[OPE-L:118] [OPE-L:354] Re: BK's and the Asian Crisis

John R. Ernst (ernst@PIPELINE.COM)
Tue, 24 Nov 1998 02:21:46

Hi Michael,

In your OPE-L 353, referring to my OPE-L 352 you wrote:

I think that John is making the common sense of Fred's note too complex.

John writes:

I take Fred's common sense note seriously. Perhaps, a bit too
seriously? But, I do think Fred's approach to explaining the
current situation is related to his theoretical outlook.

Michael wrote:

I guess that I have been pushing the idea of slaughtering capital values
for some time. The idea seems rather simple, yet complex.

John writes:
I'm sure you have been thinking about the issue for some time and
would agree that the "slaughtering capital values" is no easy

Michael wrote:

For me, capital values evolve in time. Historical values soon become
irrelevant. Slaughtering capital values means that the basis of
valuation falls, raising the calculation of profit rates. If I buy a
bankrupt company for half of its previous value, I might be able to earn a
decent profit.

John writes:

Granted with the destruction of capital value, profit rates increase.
But what are we talking about? That is, how are we to understand that
"capital values evolve in time" and that "historical values soon
become irrelevant"?

Within the framework of simultaneous valuation, historical values
are always irrelevant. Moreover, the values of the outputs of one
period of production are unrelated to the values of the inputs of
next. The question remains -- when and how can devaluation take
place if valuation is simultaneous?

Given falling prices of outputs, the idea that inputs and outputs
are to be simultaneously priced seems especially ludicrous. The
input and output prices merely adjust so that the unit prices of
inputs are equal to those of the outputs. Again, the how's and
why's of devaluation disappear.

Michael wrote:

The complexity comes from the difficulty of getting from here to there.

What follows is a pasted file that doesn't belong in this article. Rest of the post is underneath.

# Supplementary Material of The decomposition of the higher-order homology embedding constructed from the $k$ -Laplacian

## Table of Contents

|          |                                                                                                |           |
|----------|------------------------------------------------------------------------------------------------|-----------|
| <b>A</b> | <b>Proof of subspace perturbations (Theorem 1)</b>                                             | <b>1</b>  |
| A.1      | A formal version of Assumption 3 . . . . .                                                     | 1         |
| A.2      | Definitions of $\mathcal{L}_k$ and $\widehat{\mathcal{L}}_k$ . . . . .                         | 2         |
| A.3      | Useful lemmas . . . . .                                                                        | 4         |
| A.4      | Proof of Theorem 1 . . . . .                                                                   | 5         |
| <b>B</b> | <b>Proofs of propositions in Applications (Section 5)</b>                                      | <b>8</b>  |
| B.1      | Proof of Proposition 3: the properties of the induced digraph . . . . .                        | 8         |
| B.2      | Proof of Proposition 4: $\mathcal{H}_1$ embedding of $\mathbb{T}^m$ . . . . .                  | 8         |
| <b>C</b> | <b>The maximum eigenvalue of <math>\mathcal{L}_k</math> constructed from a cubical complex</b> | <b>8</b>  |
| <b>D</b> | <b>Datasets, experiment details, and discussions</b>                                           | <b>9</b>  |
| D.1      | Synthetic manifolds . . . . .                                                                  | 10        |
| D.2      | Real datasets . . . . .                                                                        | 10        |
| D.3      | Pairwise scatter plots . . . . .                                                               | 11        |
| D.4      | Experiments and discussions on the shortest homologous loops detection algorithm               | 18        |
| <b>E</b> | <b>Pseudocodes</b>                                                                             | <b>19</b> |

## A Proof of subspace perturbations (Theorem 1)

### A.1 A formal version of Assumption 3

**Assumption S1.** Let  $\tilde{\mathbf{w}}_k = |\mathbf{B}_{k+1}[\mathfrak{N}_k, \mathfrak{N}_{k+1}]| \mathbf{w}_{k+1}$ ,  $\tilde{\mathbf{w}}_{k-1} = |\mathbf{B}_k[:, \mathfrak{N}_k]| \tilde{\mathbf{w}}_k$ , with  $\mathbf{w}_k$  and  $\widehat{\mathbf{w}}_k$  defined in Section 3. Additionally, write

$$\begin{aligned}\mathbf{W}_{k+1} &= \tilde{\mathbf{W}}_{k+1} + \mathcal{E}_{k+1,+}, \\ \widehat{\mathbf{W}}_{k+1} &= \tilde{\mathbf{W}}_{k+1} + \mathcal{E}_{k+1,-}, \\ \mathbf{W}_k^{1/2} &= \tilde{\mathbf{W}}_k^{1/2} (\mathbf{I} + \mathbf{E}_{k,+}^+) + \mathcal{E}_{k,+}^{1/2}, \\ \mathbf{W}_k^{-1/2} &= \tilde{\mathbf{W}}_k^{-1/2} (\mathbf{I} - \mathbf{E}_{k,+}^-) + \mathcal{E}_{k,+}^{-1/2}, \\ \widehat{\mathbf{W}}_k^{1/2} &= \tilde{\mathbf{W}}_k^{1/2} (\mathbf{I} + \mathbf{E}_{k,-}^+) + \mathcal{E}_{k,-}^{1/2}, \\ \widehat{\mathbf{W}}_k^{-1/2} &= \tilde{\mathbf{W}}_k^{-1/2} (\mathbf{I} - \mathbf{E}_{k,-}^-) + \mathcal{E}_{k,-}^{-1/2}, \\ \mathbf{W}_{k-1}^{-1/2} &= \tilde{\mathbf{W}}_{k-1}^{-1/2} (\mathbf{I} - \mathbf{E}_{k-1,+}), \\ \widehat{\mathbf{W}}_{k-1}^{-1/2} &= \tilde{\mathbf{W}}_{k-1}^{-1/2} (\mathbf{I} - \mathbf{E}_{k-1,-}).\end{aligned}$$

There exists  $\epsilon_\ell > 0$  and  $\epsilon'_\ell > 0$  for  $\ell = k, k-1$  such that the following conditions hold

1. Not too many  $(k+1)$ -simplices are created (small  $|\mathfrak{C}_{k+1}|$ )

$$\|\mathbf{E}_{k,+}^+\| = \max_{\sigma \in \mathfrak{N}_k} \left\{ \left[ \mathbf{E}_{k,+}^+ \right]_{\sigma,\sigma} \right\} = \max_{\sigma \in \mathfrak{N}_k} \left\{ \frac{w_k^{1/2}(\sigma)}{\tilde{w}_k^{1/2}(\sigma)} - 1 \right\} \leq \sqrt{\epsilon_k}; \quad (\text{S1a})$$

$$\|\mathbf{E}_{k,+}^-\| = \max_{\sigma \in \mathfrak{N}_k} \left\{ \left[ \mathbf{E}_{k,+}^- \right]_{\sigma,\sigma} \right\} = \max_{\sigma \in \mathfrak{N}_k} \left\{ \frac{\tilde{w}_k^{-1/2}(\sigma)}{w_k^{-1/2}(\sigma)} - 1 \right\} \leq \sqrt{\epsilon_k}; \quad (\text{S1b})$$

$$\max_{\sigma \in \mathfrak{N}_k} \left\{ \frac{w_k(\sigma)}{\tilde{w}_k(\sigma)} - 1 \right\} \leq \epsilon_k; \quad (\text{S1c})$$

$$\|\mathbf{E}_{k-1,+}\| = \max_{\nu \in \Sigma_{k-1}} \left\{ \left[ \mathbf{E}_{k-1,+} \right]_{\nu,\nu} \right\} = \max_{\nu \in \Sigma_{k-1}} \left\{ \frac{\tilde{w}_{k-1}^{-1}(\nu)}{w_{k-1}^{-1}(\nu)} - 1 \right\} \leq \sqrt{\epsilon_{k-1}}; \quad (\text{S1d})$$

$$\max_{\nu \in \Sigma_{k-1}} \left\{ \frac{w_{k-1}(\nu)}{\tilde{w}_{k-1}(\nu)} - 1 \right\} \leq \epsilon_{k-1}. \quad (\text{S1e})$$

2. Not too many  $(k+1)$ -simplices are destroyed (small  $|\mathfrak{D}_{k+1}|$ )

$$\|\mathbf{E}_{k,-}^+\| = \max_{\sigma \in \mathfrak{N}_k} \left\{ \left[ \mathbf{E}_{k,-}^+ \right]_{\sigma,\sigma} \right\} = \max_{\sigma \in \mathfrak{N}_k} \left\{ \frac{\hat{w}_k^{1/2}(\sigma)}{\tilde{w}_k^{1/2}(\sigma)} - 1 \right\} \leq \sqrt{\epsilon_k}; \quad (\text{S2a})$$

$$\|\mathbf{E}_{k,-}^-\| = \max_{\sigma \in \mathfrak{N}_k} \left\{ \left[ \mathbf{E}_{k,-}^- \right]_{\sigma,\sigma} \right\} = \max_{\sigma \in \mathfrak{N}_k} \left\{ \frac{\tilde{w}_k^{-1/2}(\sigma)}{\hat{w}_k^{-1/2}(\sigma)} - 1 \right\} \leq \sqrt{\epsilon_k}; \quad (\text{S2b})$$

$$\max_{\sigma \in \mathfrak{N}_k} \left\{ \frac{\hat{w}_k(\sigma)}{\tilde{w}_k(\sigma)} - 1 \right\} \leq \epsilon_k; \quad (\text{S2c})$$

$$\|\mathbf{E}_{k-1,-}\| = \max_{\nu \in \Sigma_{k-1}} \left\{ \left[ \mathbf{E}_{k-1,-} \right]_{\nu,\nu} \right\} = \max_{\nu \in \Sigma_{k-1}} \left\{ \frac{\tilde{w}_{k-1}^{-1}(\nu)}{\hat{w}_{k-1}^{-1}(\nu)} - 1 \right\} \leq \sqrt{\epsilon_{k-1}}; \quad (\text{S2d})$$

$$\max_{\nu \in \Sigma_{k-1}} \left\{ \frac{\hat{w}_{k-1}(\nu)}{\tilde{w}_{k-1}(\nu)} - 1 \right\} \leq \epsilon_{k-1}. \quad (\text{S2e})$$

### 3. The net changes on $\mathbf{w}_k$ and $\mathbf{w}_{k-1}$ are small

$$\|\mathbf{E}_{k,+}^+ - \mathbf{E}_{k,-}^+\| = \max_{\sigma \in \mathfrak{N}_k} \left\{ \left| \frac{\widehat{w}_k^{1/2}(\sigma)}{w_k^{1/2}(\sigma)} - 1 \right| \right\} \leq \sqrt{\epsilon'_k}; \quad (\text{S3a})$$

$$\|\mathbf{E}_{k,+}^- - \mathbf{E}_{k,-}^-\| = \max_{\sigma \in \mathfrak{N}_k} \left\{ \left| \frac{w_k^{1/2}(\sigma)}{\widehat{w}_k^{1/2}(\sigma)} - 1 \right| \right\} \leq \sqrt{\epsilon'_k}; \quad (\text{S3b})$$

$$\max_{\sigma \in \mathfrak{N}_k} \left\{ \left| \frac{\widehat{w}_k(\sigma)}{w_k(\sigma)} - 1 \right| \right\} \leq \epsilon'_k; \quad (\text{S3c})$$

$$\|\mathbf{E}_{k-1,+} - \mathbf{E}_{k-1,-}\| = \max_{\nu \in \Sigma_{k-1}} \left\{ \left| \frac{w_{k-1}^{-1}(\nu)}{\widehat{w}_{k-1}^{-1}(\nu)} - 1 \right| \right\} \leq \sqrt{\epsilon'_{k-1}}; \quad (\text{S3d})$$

The paroxysism of a deflation unsettle all existing relationships and can
destabilize society.

John writes:

To get from here to there we have to travel in time. That is my basic
point. We have to have a theory that allows us to view capital's valuation
and devaluation in time.

Much of the rejection of the TSS approach stems from an unconscious
abstraction from deflation and from devaluation. To be sure, for
most of our lives in the West we have rarely experienced either.
Indeed, the usual manner of calculating the rate of profit is
carried out as though neither inflation nor deflation exist. With
inflation, this type of calculation seems necessary lest one
include inflationary profits within the overall calculation. With
deflation, this manner of proceeding seems surreal. That is,
given deflation the usual Marxist approach simply skips over the
monetary losses of capitalists. We might as well tell capitalists
that there is no problem with deflation and devaluation as their
rates of profit are increasing from period to period. Thus,
the folk that disagree with your statement that

"The paroxysism of a deflation unsettle all existing relationships
and can destabilize society."

are those wedded to an approach that abstracts from deflation while
making adjustments for inflation. More practical capitalists like
Rubin and Greenspan know better.